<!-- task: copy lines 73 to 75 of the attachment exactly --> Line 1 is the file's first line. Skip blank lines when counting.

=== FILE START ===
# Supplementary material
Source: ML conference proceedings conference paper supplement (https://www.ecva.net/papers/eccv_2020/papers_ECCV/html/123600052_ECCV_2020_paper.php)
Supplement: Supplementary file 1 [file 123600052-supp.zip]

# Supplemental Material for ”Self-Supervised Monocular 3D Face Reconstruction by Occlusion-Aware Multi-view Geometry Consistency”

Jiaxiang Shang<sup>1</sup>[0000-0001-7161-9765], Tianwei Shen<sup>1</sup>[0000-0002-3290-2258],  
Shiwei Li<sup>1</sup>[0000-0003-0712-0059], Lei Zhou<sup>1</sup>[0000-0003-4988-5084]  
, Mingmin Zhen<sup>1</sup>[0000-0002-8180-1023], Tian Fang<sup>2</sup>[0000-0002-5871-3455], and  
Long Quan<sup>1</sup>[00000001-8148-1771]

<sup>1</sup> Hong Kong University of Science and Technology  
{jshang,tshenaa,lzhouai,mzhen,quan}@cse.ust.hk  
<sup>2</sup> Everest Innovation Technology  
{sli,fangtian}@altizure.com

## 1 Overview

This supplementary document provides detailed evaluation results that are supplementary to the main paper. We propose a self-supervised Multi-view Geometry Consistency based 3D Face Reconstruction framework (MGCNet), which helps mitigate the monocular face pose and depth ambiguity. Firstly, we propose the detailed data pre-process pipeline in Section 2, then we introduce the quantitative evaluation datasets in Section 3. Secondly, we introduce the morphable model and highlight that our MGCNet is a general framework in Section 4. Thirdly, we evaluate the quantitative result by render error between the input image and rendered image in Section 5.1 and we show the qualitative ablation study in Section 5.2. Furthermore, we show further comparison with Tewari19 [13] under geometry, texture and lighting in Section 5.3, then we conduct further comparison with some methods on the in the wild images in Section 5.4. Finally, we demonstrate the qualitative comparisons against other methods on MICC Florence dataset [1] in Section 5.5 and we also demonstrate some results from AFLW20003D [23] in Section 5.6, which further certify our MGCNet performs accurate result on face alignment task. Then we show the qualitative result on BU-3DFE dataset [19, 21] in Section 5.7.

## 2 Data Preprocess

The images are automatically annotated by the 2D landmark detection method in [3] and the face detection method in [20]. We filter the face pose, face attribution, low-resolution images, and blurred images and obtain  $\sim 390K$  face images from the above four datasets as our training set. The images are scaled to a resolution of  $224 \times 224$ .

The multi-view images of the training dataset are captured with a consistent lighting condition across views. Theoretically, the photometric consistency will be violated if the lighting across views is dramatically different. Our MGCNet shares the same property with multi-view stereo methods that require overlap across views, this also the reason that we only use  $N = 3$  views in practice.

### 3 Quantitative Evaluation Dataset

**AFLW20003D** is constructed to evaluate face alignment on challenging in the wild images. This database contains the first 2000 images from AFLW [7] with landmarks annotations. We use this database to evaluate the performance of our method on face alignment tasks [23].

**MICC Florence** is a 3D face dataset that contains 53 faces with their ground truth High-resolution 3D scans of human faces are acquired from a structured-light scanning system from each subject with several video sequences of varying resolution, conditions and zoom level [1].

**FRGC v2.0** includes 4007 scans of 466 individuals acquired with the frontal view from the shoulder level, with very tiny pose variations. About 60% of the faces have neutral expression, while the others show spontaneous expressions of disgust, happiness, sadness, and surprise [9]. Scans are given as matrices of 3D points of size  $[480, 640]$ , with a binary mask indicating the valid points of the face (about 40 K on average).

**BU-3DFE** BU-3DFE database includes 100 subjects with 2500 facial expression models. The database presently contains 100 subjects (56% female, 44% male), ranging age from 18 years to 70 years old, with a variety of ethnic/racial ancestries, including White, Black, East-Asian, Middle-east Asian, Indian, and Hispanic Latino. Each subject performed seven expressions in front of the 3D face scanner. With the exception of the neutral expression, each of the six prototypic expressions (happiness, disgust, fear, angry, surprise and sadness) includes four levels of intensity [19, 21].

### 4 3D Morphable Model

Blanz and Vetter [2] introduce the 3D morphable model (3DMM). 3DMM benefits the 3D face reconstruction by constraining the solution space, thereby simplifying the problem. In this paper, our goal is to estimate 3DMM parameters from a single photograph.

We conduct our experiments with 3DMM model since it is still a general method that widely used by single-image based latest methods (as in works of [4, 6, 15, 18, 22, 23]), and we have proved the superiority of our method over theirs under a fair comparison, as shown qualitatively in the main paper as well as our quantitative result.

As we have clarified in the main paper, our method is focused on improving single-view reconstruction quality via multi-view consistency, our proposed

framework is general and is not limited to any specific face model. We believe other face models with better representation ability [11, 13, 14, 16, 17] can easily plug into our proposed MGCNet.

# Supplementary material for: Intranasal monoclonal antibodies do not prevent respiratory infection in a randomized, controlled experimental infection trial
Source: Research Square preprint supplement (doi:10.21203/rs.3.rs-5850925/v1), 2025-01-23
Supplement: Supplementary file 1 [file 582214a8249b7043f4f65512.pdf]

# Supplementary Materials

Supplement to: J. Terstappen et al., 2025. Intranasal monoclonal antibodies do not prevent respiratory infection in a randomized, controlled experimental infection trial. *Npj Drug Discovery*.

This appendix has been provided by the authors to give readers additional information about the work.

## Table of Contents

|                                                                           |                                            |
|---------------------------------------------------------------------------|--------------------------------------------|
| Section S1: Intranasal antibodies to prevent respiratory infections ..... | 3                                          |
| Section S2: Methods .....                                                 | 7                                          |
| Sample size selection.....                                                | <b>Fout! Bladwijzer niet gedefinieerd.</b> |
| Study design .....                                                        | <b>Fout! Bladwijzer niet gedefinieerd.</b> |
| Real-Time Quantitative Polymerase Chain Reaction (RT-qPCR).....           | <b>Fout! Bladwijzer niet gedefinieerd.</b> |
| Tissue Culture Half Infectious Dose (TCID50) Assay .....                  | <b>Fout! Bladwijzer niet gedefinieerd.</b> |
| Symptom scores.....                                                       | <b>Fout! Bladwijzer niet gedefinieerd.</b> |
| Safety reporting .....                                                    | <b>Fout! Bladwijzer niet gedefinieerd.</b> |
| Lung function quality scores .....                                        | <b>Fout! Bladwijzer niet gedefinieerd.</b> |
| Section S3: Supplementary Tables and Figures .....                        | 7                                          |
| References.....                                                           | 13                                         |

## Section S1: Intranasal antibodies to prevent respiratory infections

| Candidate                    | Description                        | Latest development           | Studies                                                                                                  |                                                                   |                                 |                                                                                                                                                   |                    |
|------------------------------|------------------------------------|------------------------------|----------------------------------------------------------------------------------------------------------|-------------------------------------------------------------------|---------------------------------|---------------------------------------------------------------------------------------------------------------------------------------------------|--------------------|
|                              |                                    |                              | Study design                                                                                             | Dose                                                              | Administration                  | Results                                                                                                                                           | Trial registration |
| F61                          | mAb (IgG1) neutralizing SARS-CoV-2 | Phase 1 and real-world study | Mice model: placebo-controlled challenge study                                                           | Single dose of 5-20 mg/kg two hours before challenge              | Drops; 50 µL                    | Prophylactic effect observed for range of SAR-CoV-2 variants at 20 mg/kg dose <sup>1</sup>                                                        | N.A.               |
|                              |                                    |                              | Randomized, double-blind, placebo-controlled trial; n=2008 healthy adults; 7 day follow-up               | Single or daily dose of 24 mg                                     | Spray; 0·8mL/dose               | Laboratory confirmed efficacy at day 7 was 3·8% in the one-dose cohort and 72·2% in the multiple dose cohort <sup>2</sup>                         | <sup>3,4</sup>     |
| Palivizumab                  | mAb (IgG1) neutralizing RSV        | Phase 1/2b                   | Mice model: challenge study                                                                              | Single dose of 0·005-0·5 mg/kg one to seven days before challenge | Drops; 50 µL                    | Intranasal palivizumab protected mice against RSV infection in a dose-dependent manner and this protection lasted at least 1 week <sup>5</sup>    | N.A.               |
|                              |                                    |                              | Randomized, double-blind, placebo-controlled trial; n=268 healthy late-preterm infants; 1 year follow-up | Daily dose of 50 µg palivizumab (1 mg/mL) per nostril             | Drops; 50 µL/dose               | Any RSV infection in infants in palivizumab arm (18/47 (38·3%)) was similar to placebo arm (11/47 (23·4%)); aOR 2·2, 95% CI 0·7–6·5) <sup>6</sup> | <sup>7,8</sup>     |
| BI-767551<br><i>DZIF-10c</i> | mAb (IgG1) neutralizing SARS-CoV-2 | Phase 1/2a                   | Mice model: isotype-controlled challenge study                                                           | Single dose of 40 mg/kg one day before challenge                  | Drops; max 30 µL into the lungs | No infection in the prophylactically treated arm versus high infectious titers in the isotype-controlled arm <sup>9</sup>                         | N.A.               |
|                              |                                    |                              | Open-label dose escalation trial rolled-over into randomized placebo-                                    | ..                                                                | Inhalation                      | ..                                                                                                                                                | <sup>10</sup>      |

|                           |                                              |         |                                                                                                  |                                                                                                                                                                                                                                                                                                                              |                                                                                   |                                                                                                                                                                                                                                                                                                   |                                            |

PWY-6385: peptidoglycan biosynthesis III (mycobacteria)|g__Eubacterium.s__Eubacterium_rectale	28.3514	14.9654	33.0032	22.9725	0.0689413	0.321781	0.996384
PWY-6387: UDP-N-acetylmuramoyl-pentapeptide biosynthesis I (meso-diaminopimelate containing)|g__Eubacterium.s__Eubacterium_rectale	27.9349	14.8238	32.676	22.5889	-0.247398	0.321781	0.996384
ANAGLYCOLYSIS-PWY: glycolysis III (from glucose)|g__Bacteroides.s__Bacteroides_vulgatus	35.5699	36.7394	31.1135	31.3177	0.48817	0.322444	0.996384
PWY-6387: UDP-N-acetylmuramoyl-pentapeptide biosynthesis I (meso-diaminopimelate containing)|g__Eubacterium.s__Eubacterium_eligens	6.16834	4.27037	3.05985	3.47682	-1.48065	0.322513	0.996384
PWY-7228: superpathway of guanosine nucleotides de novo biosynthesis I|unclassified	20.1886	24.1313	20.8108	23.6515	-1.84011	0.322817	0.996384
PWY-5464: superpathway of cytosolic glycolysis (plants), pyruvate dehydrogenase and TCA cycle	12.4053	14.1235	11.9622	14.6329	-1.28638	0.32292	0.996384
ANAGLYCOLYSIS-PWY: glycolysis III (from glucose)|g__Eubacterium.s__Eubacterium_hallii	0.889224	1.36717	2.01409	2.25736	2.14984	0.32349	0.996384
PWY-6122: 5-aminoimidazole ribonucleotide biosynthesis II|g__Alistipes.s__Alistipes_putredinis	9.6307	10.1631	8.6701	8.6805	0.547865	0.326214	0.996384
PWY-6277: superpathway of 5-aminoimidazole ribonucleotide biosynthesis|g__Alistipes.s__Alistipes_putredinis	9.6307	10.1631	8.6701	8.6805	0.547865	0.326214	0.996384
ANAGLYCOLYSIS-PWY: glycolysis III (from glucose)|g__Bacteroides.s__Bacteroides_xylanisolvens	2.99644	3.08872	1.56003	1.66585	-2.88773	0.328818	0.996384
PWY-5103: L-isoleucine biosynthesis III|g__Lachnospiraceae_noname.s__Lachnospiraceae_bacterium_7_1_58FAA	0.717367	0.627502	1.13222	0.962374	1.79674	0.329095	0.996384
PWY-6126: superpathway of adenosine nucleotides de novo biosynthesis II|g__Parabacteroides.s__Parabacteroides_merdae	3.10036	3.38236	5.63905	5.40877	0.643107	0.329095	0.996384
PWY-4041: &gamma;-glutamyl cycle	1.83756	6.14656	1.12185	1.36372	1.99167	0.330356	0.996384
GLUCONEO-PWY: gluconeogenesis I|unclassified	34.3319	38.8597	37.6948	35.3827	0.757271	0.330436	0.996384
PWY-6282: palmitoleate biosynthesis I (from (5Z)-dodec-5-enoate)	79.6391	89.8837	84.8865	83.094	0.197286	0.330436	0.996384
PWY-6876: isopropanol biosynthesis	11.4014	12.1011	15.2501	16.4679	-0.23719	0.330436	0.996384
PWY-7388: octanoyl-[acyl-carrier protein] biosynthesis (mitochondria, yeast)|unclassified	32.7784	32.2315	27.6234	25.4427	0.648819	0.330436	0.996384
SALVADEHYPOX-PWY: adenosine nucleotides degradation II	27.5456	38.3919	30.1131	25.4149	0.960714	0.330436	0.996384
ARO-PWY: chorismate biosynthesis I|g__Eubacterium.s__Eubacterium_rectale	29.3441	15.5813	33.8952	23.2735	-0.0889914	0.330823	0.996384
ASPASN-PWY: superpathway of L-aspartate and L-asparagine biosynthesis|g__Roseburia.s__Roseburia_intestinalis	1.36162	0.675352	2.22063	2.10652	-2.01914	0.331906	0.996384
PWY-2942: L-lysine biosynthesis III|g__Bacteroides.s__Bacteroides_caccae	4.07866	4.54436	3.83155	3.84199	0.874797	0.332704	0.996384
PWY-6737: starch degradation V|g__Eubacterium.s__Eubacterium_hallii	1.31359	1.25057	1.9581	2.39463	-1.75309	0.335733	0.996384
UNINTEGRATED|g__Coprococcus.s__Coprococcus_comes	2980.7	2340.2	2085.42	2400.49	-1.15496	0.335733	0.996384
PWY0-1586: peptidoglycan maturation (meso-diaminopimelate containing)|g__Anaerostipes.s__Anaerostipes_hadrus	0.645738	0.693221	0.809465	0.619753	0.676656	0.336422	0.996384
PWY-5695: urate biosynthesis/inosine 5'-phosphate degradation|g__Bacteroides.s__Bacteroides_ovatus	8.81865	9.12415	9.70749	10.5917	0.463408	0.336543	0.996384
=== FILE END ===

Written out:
PWY-6282: palmitoleate biosynthesis I (from (5Z)-dodec-5-enoate)	79.6391	89.8837	84.8865	83.094	0.197286	0.330436	0.996384
PWY-6876: isopropanol biosynthesis	11.4014	12.1011	15.2501	16.4679	-0.23719	0.330436	0.996384
PWY-7388: octanoyl-[acyl-carrier protein] biosynthesis (mitochondria, yeast)|unclassified	32.7784	32.2315	27.6234	25.4427	0.648819	0.330436	0.996384